Of the seven phosphoinositides, PtdIns5P remains the most enigmatic. However, recent research has begun to elucidate its physiological functions. It is now clear that PtdIns5P is found in several distinct subcellular locations, and the identification of a number of PtdIns5P-binding proteins points to its involvement in a variety of key processes, including signal transduction, membrane trafficking and regulation of gene expression. Although the mechanisms that control its turnover are not yet fully understood, the existence of multiple pathways for PtdIns5P regulation is consistent with this emerging versatility.

Introduction

The phosphoinositide phospholipids are well established as essential regulatory molecules in eukaryotic cells, and play key roles in many diverse cellular processes. The physiological functions of prominent members of the group, such as PtdIns(3,4,5)P3, the product of the critically important Class I PI3Ks (phosphoinositide 3-kinases), are understood in detail. In contrast, much less is known about other phosphoinositides. In particular, the monophosphorylated phosphoinositide PtdIns5P remains incompletely understood. However, evidence is accumulating that PtdIns5P has essential functions at several subcellular locations, and recent work has begun to unravel some of its mysteries.

Structure and localization

As with the other phosphoinositides, PtdIns5P is a phosphorylated derivative of PtdIns, consisting of an inositol phosphate headgroup attached via a phosphodiester linkage to diacylglycerol. The headgroup possesses a single phosphate group at position 5 of the inositol ring (Figure 1a). Consistent with a role in basic cellular processes, PtdIns5P is constitutively present in many cell types [1], at levels roughly 100-fold lower than those of the most abundant monophosphorylated phosphoinositide, PtdIns4P [1,2], and equivalent to those of the other monophosphorylated phosphoinositide PtdIns3P [2], although precise values vary [1,3]. Importantly, several physiological and pathological stimuli alter PtdIns5P levels, suggesting that, in addition to housekeeping functions, it also possesses signalling roles. Thrombin [4], insulin [1,5] and T-cell activation [6] stimulate 2-4-fold PtdIns5P increases in appropriate cell types, whereas histamine causes a 2-fold decrease [7]. PtdIns5P is also markedly elevated in cells infected with the pathogenic bacterium Shigella flexneri [8] or transformed with the oncogenic tyrosine kinase NPM-ALK (nucleophosmin anaplastic lymphoma kinase) [9], whereas pro-apoptotic stress elevates PtdIns5P within the nucleus [10].

PtdIns5P structure and turnover

Figure 1
PtdIns5P structure and turnover

(a) The headgroup of PtdIns5P possesses a single phosphate at position 5, and is linked to diacylglycerol (shown with the 1-stearoyl-2-arachidonoyl fatty acid composition thought to predominate in phosphoinositides) through a phosphodiester linkage. Phosphates are shown as a circled P. (b) PtdIns5P (centre) can be produced and removed by a number of routes. Phosphorylation of PtdIns by PIKfyve or PIP5K occurs in vitro, whereas PTPMT1 dephosphorylates PtdIns5P. Dephosphorylation of either PtdIns(4,5)P2 [by phosphatidylinositol 4,5-bisphosphate 4-phosphatases (PIP 4-Pase)], or PtdIns(3,5)P2 [by myotubularin family phosphatases (MTMs)] also produces PtdIns5P. PI3K converts PtdIns5P into PtdIns(3,5)P2in vitro, but this pathway is unlikely to operate in vivo, and the major physiological route of PtdIns(3,5)P2 production involves phosphorylation of the phosphoinositide PtdIns3P by PIKfyve (not shown). The main route of PtdIns5P removal involves its phosphorylation to PtdIns(4,5)P2 by PIP4K. Thicker arrows indicate pathways known to operate in vivo.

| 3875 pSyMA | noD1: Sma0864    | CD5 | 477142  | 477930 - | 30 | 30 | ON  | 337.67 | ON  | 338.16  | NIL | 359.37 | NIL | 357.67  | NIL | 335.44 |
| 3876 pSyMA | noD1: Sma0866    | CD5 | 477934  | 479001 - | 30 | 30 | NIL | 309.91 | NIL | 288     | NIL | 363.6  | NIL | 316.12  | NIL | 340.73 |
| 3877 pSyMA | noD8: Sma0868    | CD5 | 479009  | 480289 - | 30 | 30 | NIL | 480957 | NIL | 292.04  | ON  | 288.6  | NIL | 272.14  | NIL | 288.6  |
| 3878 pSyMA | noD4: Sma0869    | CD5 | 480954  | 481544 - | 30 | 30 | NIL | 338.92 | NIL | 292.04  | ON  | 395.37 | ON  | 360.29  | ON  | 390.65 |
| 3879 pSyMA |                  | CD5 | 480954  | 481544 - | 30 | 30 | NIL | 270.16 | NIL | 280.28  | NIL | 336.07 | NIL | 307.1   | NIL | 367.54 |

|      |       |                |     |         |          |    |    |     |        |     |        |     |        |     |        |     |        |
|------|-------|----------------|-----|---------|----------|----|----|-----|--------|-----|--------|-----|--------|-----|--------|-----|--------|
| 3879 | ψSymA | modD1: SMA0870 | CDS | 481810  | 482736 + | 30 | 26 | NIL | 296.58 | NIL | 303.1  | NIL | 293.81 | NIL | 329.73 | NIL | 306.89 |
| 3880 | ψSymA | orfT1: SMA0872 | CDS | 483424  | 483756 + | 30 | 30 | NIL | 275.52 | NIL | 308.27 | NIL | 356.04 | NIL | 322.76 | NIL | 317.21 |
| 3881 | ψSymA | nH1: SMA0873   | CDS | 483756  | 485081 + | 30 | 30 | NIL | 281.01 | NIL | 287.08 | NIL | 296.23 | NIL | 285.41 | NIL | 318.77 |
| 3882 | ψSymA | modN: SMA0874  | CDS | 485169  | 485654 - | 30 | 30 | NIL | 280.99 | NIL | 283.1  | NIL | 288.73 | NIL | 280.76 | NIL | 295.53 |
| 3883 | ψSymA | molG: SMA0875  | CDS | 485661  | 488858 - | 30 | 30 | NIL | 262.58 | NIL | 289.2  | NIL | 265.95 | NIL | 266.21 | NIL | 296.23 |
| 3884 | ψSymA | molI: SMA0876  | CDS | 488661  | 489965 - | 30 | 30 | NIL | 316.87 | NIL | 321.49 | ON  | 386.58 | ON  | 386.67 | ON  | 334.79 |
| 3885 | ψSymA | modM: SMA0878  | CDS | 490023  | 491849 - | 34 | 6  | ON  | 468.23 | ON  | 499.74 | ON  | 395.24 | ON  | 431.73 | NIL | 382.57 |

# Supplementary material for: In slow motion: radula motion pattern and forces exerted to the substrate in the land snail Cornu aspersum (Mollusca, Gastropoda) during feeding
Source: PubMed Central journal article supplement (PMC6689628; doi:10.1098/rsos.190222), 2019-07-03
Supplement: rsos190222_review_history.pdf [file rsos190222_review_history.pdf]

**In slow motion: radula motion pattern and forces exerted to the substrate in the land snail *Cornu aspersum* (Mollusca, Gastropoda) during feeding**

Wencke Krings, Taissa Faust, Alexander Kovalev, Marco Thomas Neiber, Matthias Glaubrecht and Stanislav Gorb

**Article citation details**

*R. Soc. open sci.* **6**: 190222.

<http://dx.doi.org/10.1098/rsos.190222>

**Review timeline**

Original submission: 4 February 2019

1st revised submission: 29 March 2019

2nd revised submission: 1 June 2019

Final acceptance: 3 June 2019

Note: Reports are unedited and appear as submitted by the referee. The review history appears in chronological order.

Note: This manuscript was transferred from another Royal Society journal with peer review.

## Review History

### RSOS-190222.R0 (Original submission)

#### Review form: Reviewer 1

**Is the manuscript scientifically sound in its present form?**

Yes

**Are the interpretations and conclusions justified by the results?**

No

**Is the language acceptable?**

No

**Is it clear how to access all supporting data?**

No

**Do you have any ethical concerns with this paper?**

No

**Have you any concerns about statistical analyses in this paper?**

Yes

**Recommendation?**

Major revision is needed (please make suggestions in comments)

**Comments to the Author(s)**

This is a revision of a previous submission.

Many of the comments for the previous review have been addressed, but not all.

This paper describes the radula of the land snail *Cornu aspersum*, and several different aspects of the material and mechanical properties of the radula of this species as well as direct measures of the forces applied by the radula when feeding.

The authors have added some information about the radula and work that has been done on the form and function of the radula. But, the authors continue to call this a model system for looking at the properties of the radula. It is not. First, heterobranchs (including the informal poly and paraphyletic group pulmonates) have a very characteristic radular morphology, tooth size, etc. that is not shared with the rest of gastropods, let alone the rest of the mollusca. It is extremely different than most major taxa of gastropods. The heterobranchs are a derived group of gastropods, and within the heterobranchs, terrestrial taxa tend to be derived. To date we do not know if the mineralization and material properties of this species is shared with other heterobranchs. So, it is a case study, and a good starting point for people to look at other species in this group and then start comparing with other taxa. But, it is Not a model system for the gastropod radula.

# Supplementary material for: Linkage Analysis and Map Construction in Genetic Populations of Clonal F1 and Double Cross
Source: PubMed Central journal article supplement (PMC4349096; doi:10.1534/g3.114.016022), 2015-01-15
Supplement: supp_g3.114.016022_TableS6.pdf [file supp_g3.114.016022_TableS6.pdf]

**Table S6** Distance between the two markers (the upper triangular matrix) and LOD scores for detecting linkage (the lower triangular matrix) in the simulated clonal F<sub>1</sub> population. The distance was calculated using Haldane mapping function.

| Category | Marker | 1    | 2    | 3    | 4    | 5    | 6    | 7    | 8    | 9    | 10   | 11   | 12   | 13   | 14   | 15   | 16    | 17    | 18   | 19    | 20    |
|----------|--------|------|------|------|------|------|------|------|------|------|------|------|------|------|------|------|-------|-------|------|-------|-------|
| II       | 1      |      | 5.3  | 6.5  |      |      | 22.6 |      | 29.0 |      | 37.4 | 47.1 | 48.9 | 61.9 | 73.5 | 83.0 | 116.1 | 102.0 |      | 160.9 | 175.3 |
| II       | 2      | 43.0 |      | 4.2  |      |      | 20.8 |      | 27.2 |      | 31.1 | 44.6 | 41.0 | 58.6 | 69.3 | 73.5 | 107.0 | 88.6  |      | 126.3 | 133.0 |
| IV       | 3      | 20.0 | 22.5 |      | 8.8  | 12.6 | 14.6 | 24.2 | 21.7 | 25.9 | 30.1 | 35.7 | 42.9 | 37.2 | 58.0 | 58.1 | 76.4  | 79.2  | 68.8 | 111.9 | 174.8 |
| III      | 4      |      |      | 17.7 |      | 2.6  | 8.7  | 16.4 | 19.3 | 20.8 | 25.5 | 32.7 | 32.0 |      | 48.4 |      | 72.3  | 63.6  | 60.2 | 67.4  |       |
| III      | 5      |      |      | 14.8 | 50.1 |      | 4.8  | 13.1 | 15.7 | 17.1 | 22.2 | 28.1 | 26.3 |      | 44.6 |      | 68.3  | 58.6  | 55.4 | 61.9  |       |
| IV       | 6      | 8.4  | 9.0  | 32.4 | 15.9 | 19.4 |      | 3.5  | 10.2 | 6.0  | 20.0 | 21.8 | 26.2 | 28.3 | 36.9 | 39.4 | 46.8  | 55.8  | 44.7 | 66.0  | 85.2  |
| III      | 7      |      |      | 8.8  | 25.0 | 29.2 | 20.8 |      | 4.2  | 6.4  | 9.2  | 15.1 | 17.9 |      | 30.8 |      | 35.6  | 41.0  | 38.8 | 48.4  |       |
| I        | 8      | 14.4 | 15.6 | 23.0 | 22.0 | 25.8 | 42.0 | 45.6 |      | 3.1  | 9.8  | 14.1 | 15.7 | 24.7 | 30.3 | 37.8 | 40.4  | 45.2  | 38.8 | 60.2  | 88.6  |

Figure 1
PtdIns5P structure and turnover

(a) The headgroup of PtdIns5P possesses a single phosphate at position 5, and is linked to diacylglycerol (shown with the 1-stearoyl-2-arachidonoyl fatty acid composition thought to predominate in phosphoinositides) through a phosphodiester linkage. Phosphates are shown as a circled P. (b) PtdIns5P (centre) can be produced and removed by a number of routes. Phosphorylation of PtdIns by PIKfyve or PIP5K occurs in vitro, whereas PTPMT1 dephosphorylates PtdIns5P. Dephosphorylation of either PtdIns(4,5)P2 [by phosphatidylinositol 4,5-bisphosphate 4-phosphatases (PIP 4-Pase)], or PtdIns(3,5)P2 [by myotubularin family phosphatases (MTMs)] also produces PtdIns5P. PI3K converts PtdIns5P into PtdIns(3,5)P2in vitro, but this pathway is unlikely to operate in vivo, and the major physiological route of PtdIns(3,5)P2 production involves phosphorylation of the phosphoinositide PtdIns3P by PIKfyve (not shown). The main route of PtdIns5P removal involves its phosphorylation to PtdIns(4,5)P2 by PIP4K. Thicker arrows indicate pathways known to operate in vivo.